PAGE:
I hear this question quite often from just about every patient I see, whether for chronic headaches or tarsal tunnel syndrome. The answers have to do with the technical aspects of the surgical procedure, the physiology of peripheral nerves as well as the wound healing process itself. As you can imagine, a compressed nerve is usually compressed on all sides because it is a three dimensional structure. Therefore when decompressing a nerve, it has to be manipulated such that the superficial, deep, medial, lateral, cranial and caudal aspects of the nerve can be examined and released if necessary. In addition, there are often multiple compression points (the GON has up to 6 that have been described and often others that are noted intra-operatively). Moreover, there are times when there is intra-neural scarring (scarring within the nerve, not just around it) which also requires removal. Hence, there is a fair bit of manipulation usually required (albeit with microneurosurgical techniques) during any decompression and or neurolysis procedure.
As part of the normal wound healing process, there is swelling. The more neural manipulation required during the operation, the more swelling of the nerve you’re likely to have post-operatively. I tell my patients to think of nerves as electrical wires, pure and simple. All they do is conduct electrical signals back and forth, but it is the brain the interprets these signals as ‘hot’, ‘cold’, ‘painful’, ‘ticklish’ etc. Therefore nerve swelling after an operation is similar to pouring water into the drywall in your house near the electrical wires – doing so will cause the lights to flicker on and off until the water dries up because the fluid is interfering with efficient electrical conductivity. In the same way, swelling of the nerve can result in all sorts of “unusual firing” of the nerve and is one reason many patients may experience weird, sometimes painful sensations post-op. However, if the nerves are going to recover, within a few weeks or months when the swelling has subsided, this “unusual firing” abates and the nerves “calm down”. Just like with cutaneous scars (which also swell as part of the healing process) the time for swelling to decrease is usually longer than a few days or weeks.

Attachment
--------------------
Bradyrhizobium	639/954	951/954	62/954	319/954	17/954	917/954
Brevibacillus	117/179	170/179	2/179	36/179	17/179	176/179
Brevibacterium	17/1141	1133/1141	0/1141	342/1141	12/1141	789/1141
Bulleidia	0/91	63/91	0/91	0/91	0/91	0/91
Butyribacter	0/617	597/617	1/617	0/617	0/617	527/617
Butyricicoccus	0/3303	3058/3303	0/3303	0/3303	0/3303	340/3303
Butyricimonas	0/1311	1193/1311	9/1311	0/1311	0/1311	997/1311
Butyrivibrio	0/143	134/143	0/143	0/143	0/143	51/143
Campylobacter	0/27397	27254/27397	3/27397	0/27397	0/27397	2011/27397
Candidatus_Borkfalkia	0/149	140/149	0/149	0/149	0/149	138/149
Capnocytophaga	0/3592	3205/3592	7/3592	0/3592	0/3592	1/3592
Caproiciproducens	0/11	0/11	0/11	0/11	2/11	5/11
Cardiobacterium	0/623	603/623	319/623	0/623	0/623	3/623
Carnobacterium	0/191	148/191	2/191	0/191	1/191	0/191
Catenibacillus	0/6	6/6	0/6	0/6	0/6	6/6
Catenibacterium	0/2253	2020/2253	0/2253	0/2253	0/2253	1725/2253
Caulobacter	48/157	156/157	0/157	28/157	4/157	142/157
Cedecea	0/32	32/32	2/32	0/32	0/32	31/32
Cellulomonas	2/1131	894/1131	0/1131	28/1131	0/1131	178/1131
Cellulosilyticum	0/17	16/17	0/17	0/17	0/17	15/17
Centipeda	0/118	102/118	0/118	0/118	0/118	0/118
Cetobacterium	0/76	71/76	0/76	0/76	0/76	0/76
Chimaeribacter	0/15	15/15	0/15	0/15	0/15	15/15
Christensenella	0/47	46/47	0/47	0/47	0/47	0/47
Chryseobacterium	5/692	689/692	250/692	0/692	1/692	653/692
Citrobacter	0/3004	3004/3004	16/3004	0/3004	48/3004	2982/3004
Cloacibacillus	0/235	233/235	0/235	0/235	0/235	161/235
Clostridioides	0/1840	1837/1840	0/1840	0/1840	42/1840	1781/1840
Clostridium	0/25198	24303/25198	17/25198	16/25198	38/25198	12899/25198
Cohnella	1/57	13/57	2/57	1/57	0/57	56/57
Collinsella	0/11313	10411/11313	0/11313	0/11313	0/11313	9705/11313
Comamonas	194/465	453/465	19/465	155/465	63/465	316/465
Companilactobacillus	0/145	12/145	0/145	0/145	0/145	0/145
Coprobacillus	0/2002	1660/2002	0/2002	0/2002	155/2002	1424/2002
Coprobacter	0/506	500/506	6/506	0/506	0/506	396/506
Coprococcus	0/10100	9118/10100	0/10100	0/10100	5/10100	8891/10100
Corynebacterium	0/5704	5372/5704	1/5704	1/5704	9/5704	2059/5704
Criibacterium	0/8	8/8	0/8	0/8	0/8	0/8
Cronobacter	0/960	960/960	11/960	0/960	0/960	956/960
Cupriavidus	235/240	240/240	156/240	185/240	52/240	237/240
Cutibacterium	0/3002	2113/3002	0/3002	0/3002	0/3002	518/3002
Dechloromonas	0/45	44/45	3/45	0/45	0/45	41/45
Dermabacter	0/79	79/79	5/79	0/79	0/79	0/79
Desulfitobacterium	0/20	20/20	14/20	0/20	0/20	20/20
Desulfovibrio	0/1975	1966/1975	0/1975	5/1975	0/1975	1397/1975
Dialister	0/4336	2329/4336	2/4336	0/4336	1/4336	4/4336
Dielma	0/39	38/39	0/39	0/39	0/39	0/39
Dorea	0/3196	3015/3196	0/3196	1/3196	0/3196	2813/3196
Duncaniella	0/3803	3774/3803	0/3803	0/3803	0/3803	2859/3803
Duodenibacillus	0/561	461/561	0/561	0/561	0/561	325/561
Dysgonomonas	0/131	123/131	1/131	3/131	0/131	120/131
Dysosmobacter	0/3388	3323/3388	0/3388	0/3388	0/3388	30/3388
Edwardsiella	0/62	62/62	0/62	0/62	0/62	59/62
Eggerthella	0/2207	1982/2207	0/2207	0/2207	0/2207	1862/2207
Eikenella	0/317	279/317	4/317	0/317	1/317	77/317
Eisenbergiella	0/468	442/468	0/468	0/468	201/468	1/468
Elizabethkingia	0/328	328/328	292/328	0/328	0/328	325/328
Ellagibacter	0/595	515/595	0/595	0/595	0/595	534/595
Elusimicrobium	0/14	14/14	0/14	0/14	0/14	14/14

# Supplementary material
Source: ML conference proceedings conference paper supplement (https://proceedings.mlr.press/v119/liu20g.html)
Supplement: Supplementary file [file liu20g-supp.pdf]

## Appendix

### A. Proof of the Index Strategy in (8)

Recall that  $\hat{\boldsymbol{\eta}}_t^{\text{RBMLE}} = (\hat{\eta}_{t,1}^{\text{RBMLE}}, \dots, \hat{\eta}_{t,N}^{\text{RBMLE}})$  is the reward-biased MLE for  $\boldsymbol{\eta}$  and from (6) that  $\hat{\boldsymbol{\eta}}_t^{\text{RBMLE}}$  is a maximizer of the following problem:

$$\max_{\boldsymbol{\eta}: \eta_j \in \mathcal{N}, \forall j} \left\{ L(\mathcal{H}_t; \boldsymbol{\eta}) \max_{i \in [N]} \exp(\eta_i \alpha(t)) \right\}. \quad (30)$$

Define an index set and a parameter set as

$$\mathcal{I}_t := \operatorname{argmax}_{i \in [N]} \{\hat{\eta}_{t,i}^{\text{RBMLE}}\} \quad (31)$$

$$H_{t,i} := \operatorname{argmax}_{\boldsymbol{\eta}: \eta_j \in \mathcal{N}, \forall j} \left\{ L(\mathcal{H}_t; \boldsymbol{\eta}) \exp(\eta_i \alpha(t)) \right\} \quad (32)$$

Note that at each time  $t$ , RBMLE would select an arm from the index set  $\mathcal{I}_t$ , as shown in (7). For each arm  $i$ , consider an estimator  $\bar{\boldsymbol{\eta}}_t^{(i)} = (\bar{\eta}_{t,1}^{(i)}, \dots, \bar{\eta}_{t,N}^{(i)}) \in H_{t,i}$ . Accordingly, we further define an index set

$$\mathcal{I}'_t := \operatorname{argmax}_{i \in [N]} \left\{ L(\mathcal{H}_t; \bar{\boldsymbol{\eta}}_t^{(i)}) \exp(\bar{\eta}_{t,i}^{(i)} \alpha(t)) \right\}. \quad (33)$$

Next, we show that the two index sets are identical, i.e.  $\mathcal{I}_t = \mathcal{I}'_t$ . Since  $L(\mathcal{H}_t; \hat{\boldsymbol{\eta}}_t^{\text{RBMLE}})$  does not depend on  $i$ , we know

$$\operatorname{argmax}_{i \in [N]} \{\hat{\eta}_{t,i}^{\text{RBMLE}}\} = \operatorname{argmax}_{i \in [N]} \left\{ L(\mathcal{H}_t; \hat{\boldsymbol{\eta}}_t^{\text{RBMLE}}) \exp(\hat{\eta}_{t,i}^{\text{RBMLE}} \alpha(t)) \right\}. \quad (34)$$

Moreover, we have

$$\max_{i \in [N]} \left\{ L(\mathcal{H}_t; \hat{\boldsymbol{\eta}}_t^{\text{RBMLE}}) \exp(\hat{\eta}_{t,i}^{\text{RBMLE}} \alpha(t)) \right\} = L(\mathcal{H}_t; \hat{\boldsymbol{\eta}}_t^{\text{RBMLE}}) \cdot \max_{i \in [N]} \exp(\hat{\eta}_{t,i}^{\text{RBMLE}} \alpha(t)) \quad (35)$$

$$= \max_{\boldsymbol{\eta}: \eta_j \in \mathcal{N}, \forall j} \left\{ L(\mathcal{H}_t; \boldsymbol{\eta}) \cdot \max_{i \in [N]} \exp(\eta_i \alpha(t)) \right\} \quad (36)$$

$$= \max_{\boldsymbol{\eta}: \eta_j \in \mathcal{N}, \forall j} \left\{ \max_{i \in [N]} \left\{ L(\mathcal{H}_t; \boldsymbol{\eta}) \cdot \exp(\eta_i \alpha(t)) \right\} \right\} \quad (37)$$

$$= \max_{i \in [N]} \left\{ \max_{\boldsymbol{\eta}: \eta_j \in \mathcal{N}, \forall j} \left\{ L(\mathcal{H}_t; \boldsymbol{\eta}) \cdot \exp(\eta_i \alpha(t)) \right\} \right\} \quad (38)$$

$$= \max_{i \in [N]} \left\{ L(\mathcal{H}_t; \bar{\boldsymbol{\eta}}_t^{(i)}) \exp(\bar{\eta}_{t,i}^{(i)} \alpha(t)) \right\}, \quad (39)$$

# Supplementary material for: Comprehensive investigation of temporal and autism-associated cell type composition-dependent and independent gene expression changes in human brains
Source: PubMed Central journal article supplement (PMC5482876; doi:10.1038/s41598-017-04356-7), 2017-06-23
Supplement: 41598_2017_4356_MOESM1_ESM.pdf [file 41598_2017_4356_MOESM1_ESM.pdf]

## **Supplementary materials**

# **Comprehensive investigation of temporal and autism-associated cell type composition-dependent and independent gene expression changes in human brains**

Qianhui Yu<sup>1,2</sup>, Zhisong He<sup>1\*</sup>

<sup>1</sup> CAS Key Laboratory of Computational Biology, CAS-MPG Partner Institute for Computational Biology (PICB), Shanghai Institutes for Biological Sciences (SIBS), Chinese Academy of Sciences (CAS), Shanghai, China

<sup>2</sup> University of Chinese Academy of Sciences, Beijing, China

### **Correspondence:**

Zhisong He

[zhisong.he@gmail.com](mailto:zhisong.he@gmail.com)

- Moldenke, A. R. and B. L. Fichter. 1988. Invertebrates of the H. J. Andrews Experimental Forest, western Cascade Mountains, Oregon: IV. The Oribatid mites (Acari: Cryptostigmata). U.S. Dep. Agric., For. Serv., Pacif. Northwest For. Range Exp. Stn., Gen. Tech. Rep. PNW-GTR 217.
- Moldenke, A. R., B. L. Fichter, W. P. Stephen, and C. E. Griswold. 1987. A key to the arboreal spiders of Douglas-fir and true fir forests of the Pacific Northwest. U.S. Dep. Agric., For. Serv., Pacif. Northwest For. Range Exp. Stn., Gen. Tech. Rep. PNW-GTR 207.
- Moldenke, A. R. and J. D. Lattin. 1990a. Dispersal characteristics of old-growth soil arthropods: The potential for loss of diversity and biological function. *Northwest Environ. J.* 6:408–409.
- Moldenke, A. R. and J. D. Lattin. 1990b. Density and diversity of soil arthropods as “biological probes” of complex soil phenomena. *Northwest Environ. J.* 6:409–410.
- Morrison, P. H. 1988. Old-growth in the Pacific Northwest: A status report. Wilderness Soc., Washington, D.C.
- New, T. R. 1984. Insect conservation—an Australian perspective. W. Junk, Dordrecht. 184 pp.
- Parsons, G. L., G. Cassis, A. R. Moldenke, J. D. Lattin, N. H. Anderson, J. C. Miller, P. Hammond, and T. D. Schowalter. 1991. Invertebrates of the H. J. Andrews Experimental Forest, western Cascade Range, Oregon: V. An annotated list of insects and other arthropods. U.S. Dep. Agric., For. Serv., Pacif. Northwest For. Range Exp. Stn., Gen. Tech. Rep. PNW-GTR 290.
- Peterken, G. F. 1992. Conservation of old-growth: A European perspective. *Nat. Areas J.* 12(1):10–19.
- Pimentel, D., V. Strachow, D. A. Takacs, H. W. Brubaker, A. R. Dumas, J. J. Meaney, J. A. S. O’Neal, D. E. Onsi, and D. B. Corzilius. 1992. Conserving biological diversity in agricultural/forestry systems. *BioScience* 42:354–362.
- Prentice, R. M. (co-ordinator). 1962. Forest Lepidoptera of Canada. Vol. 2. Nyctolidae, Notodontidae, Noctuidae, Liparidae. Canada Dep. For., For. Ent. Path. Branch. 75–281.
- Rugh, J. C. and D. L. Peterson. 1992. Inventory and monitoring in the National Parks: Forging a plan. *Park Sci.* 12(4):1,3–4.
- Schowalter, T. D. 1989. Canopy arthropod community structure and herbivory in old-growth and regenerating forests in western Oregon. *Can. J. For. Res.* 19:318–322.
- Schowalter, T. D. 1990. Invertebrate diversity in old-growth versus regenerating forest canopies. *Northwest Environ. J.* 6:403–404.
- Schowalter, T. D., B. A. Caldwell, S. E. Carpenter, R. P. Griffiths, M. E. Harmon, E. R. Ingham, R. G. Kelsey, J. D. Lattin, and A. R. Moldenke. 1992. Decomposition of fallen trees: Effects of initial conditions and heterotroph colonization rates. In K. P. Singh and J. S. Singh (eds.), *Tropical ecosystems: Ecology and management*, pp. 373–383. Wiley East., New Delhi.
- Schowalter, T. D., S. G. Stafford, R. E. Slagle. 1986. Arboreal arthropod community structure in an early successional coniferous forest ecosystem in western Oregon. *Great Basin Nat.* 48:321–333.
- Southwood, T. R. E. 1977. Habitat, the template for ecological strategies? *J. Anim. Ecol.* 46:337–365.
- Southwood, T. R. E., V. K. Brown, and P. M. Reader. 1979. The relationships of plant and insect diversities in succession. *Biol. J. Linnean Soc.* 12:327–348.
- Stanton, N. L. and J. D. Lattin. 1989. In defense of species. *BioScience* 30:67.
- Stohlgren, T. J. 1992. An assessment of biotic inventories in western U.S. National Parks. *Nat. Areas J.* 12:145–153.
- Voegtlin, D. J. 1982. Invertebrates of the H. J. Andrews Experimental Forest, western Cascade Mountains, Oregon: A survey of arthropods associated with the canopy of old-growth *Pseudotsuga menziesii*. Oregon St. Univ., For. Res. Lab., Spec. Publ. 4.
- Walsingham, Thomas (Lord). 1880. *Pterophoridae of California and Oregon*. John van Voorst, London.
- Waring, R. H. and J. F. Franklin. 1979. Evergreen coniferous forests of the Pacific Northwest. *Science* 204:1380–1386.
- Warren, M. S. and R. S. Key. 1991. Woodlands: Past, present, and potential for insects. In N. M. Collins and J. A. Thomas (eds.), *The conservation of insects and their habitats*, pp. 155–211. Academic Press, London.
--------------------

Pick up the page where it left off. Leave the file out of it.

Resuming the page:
Another reason why nerves may take a while to recover has to do with the severity and duration of compression. I’m sure everyone has fallen asleep on their arm(s) at some point in their lives. Sometimes, when you wake up, your hand is just a little numb and it takes about 10 seconds of shaking your hand to restore normal sensation. Other times, however, when you wake up the entire arm seems paralyzed, weak and numb! In these cases, aside from some transient agita, it takes several minutes of shaking the arm out for function and sensation to return fully. Phew! The difference between these two situations is that in the latter, the compression of the nerves to the arm has been present for longer and may have been more severe as compared with the former. Therefore, it takes longer for sensation (and function) to return. Now take that phenomenon and stretch the timeline out months and often years (sometimes decades) - that is how long many peoples’ nerves have been compressed. Therefore, it can take weeks or months for function to return to “normal”. Also, since the blood flow to the nerves in the latter scenario has been compromised for a longer period of time, they become more engorged with blood after flow is restored and then that extra blood takes time to return to its baseline levels. It is for this reason that you often experience that sensation of tingling and pain after you remove pressure from the arm and as blood flow resumes. The same thing happens when blood flow is restored after decompression - (more intra-neural blood flow usually combined with more surgical manipulation). Finally, we don’t immobilize our heads after surgery because doing so would stiffen all the joints and increase the likelihood that the nerve will become re-entrapped in scar. As a result, the nerves will glide right away after we manipulate them and also likely contributes to the lengthy recovery process. The take home message is that as patients and physicians, we have to be patient in assessing whether or not decompression has been successful as the final results may not be apparent for many months (as noted by many here). After all, the same would true of a facelift or breast augmentation.